All that clunking and banging, that’s not normal,” Dad said.
“Yeah, it sounds like my car when I try to gun it in neutral,” I said. “We’re a little too close to that pier for comfort.”
“If we’re drifting, better we bump into those giant buoys than drift over something that could damage the bottom of the vessel, or worse, drift out to sea, because then a wave could flip us over — being secured somewhere is the best,” Dad said in his comforting, Let’s consider all the worst-case scenarios way. Dad surveyed the dock, which looked abandoned from where we stood. “If we can get close, we could climb up one of those ladders hanging off the side.”
“Look around,” I said in a chiding tone, mostly because I did not like the idea of James Bonding my way from sea to land. “There are some really old, really young, and really out of shape people on this boat. They’re not going to be scrambling up some ladder dangling off the side of a pier.”
“Yeah, you’re probably right,” Dad said, but his eyes were still searching the cruise-ship terminal that was undergoing a makeover.
“I didn’t realize we’d be storming San Diego,” I joked. “This wasn’t part of the original adventure, but I’m down if you are. I’ll make a deal with you — you can have downtown, but I get the East Village. How long do you think it’ll be before the city realizes it’s being taken over by pirates?” We both laughed.
When I’d first learned Pirate Days would be happening down at the Embarcadero, I enlisted the OP (original pirate) to accompany me. I may curse like a sailor, but my dad actually is one, having spent 20-plus years in the Navy.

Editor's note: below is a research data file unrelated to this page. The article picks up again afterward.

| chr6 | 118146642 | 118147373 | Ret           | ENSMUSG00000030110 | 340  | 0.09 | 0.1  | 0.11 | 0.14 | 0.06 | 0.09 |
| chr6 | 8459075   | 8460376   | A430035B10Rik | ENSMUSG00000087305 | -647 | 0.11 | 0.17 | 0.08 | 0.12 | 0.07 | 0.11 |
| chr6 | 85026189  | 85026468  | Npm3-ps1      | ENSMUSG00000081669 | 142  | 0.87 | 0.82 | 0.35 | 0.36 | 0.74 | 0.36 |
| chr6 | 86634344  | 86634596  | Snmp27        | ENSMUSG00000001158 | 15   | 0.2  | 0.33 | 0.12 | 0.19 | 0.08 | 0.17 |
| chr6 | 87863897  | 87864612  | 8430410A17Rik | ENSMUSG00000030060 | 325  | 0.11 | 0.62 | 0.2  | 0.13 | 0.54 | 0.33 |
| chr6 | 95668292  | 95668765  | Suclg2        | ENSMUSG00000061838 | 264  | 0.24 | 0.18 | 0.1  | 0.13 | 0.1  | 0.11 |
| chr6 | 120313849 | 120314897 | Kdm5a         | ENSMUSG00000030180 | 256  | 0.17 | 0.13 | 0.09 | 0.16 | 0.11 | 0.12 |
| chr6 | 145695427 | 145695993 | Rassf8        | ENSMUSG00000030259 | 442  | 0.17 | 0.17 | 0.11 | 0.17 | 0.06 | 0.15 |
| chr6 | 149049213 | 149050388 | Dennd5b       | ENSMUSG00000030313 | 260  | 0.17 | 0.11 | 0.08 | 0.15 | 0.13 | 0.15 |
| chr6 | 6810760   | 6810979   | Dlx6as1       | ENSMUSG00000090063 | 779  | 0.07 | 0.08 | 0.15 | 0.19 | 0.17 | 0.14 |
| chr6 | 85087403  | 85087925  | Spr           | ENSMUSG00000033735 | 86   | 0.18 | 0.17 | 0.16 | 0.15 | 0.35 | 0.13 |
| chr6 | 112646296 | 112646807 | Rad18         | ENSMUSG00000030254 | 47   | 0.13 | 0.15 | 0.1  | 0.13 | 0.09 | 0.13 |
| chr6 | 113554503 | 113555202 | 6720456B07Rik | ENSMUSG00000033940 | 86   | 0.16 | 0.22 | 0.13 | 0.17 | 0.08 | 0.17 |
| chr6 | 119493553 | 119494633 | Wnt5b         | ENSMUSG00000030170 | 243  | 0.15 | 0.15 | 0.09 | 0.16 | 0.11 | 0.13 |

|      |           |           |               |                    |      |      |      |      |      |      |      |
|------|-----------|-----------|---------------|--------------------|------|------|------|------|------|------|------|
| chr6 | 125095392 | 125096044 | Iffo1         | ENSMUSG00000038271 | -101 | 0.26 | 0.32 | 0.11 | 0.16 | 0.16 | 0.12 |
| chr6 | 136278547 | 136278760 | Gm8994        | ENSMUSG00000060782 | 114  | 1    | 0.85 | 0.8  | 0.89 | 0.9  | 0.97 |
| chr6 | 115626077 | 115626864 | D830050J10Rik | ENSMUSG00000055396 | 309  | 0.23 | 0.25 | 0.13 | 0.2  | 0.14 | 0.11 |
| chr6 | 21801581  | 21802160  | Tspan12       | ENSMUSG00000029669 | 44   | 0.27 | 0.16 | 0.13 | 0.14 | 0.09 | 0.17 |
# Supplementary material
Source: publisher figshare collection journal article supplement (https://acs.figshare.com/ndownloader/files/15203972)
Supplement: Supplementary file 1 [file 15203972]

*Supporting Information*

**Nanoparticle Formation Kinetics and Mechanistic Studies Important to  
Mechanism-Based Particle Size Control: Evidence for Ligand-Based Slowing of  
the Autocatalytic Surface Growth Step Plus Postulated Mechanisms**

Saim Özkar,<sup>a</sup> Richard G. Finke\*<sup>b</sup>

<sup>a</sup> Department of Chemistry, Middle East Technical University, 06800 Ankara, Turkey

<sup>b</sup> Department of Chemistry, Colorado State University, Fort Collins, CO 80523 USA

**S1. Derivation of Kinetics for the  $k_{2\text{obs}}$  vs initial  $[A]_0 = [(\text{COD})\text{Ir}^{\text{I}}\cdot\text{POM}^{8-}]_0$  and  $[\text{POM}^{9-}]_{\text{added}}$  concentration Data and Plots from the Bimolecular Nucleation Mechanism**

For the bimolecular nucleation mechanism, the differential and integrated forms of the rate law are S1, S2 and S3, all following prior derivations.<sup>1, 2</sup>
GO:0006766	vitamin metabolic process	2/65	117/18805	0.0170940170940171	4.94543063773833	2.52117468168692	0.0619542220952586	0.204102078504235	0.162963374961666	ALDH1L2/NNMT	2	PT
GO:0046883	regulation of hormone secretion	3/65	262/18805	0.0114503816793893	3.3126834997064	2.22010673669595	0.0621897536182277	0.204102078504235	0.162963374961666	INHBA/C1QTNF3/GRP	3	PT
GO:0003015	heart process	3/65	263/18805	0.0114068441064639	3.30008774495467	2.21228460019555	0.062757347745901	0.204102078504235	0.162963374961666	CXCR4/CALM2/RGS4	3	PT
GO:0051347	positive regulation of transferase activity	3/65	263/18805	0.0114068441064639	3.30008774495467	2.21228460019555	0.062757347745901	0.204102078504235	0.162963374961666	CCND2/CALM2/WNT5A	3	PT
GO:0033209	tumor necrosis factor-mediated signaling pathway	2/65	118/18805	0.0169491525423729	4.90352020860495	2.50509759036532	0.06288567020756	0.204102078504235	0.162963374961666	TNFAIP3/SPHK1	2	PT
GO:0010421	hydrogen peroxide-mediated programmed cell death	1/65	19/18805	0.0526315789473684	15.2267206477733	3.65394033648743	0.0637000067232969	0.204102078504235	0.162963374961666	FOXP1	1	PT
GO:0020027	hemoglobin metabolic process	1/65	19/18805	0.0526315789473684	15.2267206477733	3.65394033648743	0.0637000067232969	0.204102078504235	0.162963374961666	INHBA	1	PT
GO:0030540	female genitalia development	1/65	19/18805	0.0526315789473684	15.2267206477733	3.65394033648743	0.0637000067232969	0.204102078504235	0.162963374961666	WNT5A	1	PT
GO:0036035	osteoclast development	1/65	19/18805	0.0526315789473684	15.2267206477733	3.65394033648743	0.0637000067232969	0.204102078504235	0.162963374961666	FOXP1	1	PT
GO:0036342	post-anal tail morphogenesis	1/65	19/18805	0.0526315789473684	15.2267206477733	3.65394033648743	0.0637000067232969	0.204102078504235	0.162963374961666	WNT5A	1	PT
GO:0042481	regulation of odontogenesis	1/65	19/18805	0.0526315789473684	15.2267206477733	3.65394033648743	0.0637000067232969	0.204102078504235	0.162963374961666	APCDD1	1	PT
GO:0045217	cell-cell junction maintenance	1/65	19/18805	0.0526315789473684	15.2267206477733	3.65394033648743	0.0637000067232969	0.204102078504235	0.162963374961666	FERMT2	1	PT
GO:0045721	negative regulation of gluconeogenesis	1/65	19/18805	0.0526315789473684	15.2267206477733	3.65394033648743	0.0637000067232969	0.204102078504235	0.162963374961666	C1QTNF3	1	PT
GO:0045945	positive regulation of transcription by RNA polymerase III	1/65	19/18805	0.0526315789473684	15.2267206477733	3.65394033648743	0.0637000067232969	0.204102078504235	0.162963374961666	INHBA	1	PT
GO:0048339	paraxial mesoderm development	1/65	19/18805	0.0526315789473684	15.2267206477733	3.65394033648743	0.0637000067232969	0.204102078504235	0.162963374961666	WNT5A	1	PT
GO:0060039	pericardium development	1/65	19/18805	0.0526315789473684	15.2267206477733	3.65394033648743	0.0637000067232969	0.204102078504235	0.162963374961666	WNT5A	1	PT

Witnessing the adorableness that is a gaggle of miniature Captain Jack Sparrows aside, the major draw for me was an excursion on the Treasure Seeker, an 83-foot “pirate ship” that is usually docked at Cabrillo Isle Marina on Harbor Island.
An hour and a half earlier, Dad and I were waiting in line to board the galleon replica when a pretty pirate with yellow hair made her way down the queue, checking boarding passes. She answered the occasional question thrown at her in what I can only describe as a piratey way. I appreciated her natural domminess — forceful without being rude, reserving her pleasant smile for only the littlest of pirates. The way she carried herself commanded attention and respect, as evidenced by the obsequious glances she elicited from even the toughest-looking dudes in line.
After “Miss Fortune” completed her count, the captain, in a voice that sounded like several stones rubbing together, shouted for us to follow him. The crew included three male actors, the lady, and a helmsman (who was likely the “real” captain, as he remained reticent throughout the voyage and wasn’t as awesomely costumed as the rest).
As the ship glided past the Coronado pier, us swashbucklers were instructed to fire the water cannons at the fishing scoundrels. Dad delighted at this bit, while I turned my head to protect my sunglasses from the mist.